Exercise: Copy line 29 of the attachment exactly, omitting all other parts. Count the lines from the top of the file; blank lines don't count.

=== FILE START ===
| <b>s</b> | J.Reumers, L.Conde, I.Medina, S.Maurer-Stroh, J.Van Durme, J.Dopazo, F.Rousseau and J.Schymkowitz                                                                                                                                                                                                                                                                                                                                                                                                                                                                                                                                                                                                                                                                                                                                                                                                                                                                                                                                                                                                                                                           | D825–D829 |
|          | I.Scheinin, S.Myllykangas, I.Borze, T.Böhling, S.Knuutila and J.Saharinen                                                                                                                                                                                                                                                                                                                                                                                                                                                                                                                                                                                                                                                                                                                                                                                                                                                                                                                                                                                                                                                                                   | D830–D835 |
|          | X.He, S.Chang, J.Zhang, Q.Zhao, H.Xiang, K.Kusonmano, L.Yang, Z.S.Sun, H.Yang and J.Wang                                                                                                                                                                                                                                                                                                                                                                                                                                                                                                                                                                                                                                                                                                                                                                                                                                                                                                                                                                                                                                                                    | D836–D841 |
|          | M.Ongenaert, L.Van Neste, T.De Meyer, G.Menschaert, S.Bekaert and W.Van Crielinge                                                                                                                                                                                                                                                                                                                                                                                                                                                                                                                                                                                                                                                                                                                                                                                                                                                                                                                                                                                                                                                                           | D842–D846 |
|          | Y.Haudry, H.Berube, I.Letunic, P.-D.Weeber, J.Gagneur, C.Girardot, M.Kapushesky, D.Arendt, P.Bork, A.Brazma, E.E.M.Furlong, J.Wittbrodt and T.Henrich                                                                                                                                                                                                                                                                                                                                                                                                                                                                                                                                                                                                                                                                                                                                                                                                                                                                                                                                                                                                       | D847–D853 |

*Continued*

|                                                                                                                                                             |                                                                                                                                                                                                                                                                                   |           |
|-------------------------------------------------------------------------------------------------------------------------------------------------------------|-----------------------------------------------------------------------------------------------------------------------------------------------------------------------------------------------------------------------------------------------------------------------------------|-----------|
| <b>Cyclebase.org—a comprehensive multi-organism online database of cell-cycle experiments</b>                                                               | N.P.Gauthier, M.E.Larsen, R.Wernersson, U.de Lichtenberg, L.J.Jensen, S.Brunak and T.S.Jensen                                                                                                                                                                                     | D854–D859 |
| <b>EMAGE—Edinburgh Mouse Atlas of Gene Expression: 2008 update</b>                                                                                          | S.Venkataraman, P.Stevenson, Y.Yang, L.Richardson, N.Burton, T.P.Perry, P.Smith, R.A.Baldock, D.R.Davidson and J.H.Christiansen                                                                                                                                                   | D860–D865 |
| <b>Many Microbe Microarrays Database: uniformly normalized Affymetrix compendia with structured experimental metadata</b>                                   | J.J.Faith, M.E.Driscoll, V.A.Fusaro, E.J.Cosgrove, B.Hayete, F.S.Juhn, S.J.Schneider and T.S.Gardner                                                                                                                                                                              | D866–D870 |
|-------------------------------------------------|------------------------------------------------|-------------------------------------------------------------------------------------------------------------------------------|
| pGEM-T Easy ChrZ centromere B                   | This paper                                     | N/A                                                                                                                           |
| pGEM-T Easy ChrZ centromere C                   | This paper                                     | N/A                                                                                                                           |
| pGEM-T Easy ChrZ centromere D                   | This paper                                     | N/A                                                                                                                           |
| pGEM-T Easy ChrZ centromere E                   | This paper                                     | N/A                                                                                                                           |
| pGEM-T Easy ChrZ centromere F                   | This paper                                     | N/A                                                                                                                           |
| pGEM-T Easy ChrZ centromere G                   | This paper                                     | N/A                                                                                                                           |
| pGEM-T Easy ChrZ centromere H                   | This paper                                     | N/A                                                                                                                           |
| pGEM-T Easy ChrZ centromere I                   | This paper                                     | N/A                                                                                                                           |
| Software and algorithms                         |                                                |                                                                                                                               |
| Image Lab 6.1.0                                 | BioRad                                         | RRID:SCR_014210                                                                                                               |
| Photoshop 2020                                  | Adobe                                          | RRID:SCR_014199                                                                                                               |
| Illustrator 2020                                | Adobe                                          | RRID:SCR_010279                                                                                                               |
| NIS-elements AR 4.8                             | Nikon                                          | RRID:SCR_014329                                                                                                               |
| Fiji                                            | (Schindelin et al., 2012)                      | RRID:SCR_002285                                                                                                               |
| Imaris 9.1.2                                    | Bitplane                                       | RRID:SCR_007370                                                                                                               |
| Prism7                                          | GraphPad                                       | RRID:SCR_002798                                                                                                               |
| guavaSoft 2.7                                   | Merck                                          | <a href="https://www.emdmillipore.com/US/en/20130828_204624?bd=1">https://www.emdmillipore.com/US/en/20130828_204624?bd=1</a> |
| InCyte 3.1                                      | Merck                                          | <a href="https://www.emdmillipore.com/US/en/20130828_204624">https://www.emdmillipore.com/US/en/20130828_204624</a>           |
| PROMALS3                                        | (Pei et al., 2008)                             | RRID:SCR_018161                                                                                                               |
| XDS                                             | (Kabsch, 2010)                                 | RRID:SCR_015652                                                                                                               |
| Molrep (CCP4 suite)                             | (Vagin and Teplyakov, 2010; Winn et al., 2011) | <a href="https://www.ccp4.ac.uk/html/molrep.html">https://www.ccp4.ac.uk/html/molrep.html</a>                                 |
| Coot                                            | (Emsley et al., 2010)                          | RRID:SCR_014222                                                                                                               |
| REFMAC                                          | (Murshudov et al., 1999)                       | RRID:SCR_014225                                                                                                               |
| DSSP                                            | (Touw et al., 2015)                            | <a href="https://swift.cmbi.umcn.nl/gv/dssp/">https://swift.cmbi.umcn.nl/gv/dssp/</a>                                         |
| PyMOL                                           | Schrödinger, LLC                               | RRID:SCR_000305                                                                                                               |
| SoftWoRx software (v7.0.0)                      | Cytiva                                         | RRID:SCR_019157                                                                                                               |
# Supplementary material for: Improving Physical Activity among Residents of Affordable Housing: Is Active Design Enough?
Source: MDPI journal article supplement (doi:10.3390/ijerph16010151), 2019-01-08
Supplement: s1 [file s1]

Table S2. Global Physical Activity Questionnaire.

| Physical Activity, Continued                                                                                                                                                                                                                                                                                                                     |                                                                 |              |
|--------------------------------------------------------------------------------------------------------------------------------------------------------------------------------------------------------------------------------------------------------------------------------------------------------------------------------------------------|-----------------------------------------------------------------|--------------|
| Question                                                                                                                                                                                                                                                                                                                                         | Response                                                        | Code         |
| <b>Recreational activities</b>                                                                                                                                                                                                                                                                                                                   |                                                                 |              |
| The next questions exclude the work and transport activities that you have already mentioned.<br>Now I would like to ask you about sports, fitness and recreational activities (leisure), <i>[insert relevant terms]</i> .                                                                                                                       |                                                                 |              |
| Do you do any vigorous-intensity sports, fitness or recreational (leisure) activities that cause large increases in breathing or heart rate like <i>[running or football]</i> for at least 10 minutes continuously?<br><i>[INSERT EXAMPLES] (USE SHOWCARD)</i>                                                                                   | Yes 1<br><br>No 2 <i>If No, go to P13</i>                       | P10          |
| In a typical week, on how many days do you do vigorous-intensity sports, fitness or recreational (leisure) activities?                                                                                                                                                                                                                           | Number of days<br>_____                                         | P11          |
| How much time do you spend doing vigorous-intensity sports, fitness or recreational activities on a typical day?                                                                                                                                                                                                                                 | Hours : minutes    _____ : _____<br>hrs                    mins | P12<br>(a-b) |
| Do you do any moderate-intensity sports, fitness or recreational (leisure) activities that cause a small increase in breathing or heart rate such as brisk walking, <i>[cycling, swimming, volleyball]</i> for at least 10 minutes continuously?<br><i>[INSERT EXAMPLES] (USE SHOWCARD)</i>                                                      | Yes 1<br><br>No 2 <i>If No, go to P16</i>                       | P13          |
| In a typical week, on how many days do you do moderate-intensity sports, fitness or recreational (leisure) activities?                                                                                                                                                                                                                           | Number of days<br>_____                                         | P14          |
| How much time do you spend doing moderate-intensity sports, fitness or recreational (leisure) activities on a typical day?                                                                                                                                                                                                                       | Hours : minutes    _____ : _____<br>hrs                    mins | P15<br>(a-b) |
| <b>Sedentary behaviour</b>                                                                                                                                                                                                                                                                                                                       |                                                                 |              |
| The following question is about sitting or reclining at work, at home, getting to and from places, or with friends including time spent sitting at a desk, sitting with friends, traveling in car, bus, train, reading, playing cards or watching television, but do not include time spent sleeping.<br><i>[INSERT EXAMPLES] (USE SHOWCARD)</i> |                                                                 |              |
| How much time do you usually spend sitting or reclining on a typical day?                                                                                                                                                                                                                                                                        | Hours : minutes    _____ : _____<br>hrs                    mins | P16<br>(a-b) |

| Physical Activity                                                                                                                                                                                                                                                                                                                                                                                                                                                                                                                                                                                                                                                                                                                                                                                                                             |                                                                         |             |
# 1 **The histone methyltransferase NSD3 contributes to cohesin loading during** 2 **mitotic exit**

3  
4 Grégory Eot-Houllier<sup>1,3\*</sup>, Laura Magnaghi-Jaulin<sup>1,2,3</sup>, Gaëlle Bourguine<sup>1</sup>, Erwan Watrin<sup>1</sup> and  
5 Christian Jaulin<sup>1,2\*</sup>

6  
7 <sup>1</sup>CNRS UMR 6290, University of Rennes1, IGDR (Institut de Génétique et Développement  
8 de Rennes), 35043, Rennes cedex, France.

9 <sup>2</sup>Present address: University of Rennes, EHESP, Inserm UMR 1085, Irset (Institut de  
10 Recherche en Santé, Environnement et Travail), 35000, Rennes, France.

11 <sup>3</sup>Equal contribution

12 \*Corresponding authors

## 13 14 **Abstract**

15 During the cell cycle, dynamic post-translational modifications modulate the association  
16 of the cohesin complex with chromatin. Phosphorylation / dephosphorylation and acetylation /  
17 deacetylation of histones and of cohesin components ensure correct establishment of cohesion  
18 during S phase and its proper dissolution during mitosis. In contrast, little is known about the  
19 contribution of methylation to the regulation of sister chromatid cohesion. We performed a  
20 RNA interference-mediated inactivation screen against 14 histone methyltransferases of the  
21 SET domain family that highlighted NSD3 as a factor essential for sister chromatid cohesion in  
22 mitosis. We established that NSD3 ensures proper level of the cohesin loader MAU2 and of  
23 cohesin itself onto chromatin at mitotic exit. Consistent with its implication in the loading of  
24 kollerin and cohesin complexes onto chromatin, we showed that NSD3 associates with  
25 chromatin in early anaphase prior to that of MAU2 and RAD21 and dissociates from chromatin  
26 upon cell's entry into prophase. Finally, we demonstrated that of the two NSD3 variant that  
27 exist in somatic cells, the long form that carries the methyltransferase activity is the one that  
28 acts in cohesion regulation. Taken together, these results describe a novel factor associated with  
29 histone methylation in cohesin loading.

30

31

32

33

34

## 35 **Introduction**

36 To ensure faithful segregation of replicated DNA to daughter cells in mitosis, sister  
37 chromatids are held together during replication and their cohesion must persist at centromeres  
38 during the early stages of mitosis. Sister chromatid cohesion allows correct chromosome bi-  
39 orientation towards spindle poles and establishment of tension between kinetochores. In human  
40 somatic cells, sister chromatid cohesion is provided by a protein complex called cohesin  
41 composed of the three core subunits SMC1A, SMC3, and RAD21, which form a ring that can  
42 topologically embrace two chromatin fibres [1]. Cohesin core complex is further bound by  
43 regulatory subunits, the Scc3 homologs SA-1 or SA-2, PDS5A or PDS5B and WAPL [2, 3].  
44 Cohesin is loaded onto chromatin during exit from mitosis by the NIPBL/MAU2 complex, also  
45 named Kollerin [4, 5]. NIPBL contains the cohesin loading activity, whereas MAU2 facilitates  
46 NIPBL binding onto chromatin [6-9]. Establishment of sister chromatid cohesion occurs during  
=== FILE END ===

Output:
| guavaSoft 2.7                                   | Merck                                          | <a href="https://www.emdmillipore.com/US/en/20130828_204624?bd=1">https://www.emdmillipore.com/US/en/20130828_204624?bd=1</a> |